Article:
Smilax hispida Raf.
CC = 3
CW = 0
MOC = 68
Family - Smilacaceae
Habit - Dioecious perennial vine, woody at base.
Stems - Aerial stems to 13 m or more, circular in cross-section, sometimes with vertical lines or small ridges, climbing, green, glabrous, with spines and spinelike bristles that are dense, slender, straight, and black below, but becoming widely scattered above.
Leaves - Alternate, simple, petiolate, numerous, 5-15 cm long. Petioles shorter than the leaf blades, often with tendrils. Leaf blades narrowly to broadly ovate, the tips rounded to acuminate, sometimes cuspidate, the bases truncate to cordate, the margins not thickened, with few to numerous, irregular, minute toothlike projections, the undersurface not paler than the upper surface, green, sometimes shiny, glabrous, the primary veins arching from the base of the leaf blade and converging toward the tip, the network of smaller veins not or slightly thickened on the undersurface.
Inflorescences - Umbels arising from the axils of the upper foliage leaves of each branch, the peduncle 2-4 times as long as the petiole of the subtending leaf. Umbels mostly with 10-25 flowers.
Flowers - Perianth of 6 tepals in 2 series, these 3-5 mm long, green to yellowish green. Staminate flowers with 6 stamens, these free or fused at the filament bases. Pistillate flowers with 1 superior ovary with 3 locules, the style absent or very short, the stigmas 1 or 3, spreading.
Fruits - Berries 6-8 mm in diameter, black, not glaucous, with 1-6 seeds.
Flowering - April - May.
Habitat - Mesic forests, streambanks, thickets, glades and prairie margins, fencerows.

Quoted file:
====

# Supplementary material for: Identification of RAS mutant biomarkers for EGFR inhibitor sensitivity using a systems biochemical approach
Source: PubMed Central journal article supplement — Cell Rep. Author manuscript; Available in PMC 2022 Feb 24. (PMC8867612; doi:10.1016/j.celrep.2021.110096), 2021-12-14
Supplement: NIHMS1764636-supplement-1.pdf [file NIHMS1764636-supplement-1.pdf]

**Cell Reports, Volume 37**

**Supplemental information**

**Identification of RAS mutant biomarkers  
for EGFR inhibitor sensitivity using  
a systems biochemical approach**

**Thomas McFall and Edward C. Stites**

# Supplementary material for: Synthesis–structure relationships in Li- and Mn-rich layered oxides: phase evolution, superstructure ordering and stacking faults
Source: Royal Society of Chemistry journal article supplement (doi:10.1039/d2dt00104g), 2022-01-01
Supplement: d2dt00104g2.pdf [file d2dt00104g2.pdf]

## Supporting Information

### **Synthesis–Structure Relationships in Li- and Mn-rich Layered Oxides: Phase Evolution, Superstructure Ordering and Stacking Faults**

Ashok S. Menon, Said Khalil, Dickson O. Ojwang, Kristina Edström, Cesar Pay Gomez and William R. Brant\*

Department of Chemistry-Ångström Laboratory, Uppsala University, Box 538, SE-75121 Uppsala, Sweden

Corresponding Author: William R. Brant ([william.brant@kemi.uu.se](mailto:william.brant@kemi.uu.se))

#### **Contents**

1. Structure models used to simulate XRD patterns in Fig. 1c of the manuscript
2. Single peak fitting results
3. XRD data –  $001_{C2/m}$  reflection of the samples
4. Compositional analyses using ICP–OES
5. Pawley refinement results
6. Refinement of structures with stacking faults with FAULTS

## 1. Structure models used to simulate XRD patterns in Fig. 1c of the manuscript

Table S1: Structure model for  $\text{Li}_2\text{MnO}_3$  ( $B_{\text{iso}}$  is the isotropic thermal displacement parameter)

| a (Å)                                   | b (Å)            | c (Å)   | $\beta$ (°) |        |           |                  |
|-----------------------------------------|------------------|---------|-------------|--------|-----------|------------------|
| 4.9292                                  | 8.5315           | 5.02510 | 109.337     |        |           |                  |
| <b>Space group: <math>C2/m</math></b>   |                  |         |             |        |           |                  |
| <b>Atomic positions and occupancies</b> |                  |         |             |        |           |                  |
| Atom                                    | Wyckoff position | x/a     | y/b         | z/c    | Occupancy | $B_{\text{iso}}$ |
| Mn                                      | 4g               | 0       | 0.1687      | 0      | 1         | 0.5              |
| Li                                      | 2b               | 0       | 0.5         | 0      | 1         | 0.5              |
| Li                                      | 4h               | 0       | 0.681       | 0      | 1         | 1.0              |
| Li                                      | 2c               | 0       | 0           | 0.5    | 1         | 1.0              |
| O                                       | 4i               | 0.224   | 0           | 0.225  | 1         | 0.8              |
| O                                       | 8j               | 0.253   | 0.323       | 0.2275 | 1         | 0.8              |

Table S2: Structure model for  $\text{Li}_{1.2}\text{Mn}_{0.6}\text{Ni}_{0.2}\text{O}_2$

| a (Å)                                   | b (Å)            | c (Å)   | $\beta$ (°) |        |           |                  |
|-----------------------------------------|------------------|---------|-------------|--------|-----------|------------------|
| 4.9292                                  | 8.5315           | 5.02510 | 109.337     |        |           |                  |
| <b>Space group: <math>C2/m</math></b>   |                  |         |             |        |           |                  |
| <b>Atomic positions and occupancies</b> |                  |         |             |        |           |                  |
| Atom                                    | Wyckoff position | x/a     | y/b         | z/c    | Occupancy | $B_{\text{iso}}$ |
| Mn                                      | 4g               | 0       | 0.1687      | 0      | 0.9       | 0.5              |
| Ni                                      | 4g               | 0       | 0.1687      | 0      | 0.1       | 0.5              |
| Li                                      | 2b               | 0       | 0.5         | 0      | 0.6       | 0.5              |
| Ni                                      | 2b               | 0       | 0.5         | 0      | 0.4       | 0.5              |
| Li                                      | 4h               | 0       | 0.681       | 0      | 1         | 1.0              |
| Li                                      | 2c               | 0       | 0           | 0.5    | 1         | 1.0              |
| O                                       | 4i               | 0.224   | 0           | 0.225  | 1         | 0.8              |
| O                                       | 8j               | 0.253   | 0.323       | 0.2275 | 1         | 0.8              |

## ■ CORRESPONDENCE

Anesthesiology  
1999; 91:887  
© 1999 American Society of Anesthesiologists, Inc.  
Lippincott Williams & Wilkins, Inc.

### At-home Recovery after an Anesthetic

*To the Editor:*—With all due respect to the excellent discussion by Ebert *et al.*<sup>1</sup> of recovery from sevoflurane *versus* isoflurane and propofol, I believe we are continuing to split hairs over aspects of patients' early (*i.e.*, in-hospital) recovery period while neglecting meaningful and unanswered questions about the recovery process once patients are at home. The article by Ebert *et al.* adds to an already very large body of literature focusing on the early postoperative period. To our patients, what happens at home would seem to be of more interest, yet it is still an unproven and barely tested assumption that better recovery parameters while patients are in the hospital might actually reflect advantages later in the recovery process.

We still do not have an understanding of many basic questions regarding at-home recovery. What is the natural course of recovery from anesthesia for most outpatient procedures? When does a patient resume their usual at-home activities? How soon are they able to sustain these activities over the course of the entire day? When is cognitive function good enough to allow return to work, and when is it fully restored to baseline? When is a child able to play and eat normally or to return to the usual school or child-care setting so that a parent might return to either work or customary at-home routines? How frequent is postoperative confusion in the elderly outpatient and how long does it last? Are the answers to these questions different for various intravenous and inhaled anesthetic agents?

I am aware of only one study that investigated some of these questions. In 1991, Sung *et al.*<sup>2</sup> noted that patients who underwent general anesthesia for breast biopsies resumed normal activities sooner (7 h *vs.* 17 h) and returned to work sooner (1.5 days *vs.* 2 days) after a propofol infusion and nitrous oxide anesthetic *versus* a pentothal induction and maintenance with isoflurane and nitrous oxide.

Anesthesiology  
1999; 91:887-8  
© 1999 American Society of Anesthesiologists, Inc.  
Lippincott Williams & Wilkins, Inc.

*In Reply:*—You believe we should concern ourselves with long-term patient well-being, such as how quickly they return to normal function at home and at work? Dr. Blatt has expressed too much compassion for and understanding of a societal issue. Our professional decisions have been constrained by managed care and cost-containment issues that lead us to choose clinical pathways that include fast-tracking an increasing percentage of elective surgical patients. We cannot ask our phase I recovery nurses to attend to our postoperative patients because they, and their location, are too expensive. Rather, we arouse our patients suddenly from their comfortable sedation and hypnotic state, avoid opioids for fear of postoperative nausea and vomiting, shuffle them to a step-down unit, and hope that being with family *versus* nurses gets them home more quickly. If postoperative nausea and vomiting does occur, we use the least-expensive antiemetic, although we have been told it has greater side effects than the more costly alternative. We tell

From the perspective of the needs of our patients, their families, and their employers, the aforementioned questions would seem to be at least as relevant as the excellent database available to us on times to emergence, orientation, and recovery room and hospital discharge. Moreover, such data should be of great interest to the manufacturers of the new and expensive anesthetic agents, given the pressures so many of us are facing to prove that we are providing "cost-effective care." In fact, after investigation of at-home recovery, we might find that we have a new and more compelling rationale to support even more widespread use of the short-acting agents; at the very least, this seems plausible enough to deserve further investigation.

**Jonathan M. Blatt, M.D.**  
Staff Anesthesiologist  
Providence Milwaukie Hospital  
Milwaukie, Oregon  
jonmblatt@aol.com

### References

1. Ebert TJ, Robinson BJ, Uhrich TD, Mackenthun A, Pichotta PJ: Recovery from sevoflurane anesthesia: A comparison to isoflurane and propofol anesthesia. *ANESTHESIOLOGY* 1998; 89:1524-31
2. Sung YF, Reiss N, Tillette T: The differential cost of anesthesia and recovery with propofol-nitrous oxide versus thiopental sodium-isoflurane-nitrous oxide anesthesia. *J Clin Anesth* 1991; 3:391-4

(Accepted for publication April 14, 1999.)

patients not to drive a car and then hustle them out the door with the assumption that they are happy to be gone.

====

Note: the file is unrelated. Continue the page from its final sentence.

Origin - Native to the U.S.
Lookalikes - S. bona-nox, S. glauca, S. rotundifolia, Dioscorea villosa.
Other info. - This spiny vine is common throughout Missouri, and is found across the eastern half of the continental U.S. The vegetative plants are a common sight in forested areas, but they seem to flower only sporadically, and the flowers are small and easily missed. The spiny stems, tendrils, and broadly ovate leaves are strong clues to the identity, though these can also be present on some of the lookalikes. A key character for this species is the presence of numerous but irregular, minute projections along the leaf margins. Note that the degree of stem spininess is highly variable, depending on the plant and the portion of stem being examined. The spininess is most reliably present near the stem base.
Photographs taken at Weldon Spring Conservation Area, St. Charles County, MO, 9-16-2019, St. Joe State Park, St. Francois County, MO, 5-21-2020, and along the Katy Trail near Marthasville, Warren County, MO, 5-24-2020 (SRTurner).